The Low-end: How $100 Got me a Smartphone and Service for the Year

This plan has become my choice pick for cheapest plan, but keeping within the (very low) limits of this plan is not without its challenges. I first heard of this deal around Black Friday and it seemed too good to be true – a smartphone via Tracfone piggybacking off of the Verizon network, with 1-year service, for $100. 1200min/1200txt/1200MB seemed like too little for me, but I researched my usage over the past year and decided to pull the trigger. While my exact deal may not appear again, deals like it (a Tracfone smartphone bundled with a 1-year service card) pop up from time to time. And the price not-on-sale for these offerings is not much more anyway.

So what’s the deal?

Tracfone offers “Triple-minutes-for-life” pay-as-you-go Android phones that will triple any refill cards that you add to it. Adding a 60-minute card, for instance, would give you 180 minutes. These cards typically have an expiration, say 30 days for the 60-minute card. The longest time you can extend on a refill is 365 days, and for that length of service you will need one of the higher minute cards, such as the 400-minute card. The 400-minute cards will not just triple your minutes to 1200 minutes, but also come with 1200 texts, and 1200 MB of data. That comes out to 100min/100txt/100MB a month. Got it? Okay.

While that is not much data… that’s the cheapest you will be able to keep a line active for a full year by a wide margin. And for some (myself included), I can live within those minutes no-problem. I use Google Hangouts for making and receiving calls at home, and can even dial out from the Tracfone over wifi without touching my minutes or data. So, those 1200 minutes are really for me 1200 while-I-am-away-from-wifi minutes. Staying under 1.2GB, on the other hand, requires a lot more trade-offs, and a few tricks, but it is possible to do (while still enjoying chat, email, and occasional maps usage).

Where to find?

So those are the basics of the pay-as-you-go arrangement. Now, how do you find a deal on a year of service for only $100. The key is to find the bundle deals. I will post them as I come across them in our deals section. The deal that I got last time came with the Moto E, a low-cost but still very functional smartphone, and a 400-minute refill card good for one year of service. The bundles are appealing because they are often cheaper than the price of the 400-minute refill card alone.

If you go the pay-as-you-go route through Trac, your hardware options are going to be limited. I am happy with the Moto E, but make no mistake, it is a cheap phone. Still, for what is essentially a $10 phone you do get a lot of bang for your buck, 960x540 screen, latest bluetooth LE standards, FM radio, etc.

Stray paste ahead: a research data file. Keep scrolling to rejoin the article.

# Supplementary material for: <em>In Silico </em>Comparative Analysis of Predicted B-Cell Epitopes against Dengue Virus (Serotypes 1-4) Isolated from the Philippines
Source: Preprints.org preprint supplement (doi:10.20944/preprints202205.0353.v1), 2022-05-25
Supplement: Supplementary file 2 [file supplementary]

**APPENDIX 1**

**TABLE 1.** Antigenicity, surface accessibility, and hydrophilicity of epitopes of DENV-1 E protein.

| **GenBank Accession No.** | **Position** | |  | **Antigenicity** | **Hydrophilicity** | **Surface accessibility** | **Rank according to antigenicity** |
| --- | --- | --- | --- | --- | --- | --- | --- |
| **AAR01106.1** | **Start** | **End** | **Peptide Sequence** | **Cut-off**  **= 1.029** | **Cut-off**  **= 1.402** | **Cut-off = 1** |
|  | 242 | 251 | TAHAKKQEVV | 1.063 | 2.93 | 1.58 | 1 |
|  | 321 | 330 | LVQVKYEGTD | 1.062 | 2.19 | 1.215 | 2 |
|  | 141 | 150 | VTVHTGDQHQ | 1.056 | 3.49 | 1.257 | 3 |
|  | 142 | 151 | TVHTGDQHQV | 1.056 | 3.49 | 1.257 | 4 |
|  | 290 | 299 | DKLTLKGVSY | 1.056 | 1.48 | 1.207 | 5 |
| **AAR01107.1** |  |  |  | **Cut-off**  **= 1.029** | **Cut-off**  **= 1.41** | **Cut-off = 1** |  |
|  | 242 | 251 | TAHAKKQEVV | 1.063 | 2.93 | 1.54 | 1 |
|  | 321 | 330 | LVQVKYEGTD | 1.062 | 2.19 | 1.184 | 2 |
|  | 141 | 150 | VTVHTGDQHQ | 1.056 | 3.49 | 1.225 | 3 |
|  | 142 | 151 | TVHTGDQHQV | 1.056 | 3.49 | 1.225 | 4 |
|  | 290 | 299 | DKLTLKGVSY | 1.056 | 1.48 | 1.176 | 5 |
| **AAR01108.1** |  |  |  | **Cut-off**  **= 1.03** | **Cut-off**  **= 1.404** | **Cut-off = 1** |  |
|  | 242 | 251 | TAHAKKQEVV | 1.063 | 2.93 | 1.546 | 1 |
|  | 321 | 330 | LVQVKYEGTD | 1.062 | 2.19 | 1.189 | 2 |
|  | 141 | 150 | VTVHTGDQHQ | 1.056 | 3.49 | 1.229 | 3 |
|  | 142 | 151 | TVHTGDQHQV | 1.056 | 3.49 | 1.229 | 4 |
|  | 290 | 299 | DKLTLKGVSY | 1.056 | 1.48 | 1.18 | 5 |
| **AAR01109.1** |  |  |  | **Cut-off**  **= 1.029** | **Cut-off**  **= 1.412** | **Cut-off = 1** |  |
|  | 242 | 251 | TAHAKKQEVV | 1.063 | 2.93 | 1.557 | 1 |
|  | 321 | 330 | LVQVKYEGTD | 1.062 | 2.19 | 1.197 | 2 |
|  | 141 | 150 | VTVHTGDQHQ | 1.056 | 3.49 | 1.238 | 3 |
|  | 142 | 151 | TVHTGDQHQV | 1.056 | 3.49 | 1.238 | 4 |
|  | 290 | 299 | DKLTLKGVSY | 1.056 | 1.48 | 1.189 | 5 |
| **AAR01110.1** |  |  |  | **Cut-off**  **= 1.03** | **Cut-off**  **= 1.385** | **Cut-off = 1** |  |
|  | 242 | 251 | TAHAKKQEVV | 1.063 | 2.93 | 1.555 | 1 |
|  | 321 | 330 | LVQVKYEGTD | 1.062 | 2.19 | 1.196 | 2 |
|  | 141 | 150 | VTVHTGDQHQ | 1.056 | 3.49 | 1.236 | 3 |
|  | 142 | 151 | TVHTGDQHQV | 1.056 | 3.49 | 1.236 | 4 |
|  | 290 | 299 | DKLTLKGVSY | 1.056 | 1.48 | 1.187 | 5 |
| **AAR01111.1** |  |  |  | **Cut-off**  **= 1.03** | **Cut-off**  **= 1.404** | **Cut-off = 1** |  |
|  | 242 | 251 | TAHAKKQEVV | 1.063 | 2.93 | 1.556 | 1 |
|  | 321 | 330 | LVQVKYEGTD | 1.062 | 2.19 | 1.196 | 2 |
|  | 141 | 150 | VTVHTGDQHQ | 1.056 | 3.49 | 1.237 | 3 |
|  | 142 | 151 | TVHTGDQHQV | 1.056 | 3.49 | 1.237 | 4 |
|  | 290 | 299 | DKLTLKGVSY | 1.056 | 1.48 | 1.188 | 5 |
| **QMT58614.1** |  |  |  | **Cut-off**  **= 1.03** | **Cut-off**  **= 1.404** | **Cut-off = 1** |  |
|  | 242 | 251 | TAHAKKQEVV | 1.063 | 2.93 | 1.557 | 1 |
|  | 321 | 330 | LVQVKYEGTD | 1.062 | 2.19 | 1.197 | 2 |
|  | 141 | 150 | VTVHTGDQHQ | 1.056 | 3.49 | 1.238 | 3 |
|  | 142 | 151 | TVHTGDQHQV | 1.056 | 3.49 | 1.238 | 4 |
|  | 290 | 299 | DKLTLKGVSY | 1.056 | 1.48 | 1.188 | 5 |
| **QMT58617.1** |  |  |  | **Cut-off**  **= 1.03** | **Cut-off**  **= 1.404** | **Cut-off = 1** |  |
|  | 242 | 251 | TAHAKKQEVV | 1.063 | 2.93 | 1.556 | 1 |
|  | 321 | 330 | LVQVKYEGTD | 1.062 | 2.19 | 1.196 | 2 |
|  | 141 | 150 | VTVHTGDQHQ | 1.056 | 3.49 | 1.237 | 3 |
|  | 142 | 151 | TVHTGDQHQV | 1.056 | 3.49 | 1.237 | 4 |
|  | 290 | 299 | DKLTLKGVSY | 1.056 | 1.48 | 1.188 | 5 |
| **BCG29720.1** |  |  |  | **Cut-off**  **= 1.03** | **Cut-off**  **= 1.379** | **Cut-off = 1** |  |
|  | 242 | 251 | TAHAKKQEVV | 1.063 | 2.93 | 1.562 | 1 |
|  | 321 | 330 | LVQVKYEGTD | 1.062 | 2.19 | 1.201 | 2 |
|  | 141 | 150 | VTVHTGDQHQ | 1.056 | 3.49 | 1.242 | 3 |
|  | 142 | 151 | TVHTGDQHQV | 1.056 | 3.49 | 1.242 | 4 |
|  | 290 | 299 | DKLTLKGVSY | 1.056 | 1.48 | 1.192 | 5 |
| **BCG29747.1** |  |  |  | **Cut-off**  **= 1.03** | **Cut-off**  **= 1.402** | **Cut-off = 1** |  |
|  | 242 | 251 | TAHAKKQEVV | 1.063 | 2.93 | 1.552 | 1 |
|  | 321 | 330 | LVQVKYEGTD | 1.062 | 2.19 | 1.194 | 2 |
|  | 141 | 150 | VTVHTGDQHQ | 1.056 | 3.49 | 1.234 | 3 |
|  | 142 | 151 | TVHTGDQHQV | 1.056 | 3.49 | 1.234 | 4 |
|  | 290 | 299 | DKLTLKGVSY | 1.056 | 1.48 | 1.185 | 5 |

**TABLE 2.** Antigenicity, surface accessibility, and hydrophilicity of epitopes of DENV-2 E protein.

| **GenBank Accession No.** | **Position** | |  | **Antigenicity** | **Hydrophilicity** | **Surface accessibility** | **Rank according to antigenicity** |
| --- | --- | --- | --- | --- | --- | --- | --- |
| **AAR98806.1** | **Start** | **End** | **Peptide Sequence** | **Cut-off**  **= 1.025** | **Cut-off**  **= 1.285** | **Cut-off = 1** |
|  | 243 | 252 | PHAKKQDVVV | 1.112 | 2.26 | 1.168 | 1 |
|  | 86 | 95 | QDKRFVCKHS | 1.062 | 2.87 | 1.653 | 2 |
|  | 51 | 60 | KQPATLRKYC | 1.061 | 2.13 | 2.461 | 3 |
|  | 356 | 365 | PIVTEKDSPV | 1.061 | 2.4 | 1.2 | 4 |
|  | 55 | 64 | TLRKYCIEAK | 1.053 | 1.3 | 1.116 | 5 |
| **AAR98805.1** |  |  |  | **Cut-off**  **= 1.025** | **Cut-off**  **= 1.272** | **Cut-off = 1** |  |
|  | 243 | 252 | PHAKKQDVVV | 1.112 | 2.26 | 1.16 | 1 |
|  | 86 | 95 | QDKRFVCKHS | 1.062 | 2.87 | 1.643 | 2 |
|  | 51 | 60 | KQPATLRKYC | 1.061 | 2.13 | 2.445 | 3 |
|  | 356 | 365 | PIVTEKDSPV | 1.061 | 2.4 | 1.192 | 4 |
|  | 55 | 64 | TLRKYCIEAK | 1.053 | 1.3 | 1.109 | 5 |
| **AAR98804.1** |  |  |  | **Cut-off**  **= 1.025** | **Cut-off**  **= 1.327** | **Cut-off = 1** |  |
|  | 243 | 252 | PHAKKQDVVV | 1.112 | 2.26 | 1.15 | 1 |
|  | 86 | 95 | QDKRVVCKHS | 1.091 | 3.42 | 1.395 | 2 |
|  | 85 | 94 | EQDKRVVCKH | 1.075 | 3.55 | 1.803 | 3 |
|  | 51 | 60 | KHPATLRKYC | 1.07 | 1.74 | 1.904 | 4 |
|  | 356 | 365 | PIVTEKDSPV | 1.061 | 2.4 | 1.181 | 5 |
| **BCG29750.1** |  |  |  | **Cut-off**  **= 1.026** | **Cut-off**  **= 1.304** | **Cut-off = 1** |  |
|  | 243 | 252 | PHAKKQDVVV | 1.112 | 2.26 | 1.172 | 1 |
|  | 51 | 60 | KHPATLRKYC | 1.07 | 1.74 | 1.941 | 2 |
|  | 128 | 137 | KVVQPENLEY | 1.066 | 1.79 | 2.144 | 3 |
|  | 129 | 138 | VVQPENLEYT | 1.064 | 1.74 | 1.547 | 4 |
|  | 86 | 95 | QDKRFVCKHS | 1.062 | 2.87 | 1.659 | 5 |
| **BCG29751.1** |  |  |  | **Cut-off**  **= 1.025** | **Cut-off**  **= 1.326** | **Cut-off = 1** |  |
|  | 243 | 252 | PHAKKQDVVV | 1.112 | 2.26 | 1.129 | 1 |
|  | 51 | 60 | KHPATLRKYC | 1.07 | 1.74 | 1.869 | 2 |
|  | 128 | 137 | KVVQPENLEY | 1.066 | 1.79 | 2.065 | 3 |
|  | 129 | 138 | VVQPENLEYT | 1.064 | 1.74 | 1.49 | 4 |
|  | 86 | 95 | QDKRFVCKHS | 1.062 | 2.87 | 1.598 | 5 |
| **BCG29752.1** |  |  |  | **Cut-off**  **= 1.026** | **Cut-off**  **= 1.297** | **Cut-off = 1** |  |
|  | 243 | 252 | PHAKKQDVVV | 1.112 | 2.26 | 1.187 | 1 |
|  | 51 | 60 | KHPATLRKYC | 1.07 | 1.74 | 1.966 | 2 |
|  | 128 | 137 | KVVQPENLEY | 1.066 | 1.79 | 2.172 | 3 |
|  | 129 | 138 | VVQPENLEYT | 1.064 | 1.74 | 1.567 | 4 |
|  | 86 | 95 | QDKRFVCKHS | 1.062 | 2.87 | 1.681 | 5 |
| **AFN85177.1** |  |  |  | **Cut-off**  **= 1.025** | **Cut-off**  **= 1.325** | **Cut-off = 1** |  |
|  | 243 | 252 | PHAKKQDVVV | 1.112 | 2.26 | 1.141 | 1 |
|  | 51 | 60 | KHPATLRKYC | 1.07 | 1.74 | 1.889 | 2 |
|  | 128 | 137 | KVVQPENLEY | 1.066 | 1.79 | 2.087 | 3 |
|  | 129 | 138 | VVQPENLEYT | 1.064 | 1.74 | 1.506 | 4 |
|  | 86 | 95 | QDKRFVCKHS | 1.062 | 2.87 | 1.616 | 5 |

Verizon MVNO

The biggest selling point of this plan is that it piggy-backs on the Verizion network. Plans at this level are always MVNO, there aren’t any ‘real’ network options, so whatever you choose you will inevitably end up connected through Verizon, T-Mobile, Sprint, or AT&T. For me, trying all of these services in my area over the last few years, I only really had one option - Verizon, which worked on my commute, in my office, and at home. Historically, low-end options on the Verizon network have been very limited, so finding this plan for me was a huge savings.

While Trac uses many MVNOs, all of their Android phones are running on Verizon at the time of this writing.

Data Refill Cards

My goal has been to live on 100MB a month included with the refill, but Trac does offer added data if you run out before the 365 days of service. Those costs at the time of this writing are below:



1200MB of data for a year of service is unrealisticly low for most users, but with the low initial cost and refill options, everyone should consider this plan. $200 would buy you the year of service and 5.2GB, and is still way under the cost of most monthly post-paid plans.


Tracfone Triple-Minute-For-Life with 1200MB/1200Text/1200Min/365-day Refill
Reviewed by Cheapest Data Plan on
A cheap option for keeping a line in service, but you will be stretched depending on your usage.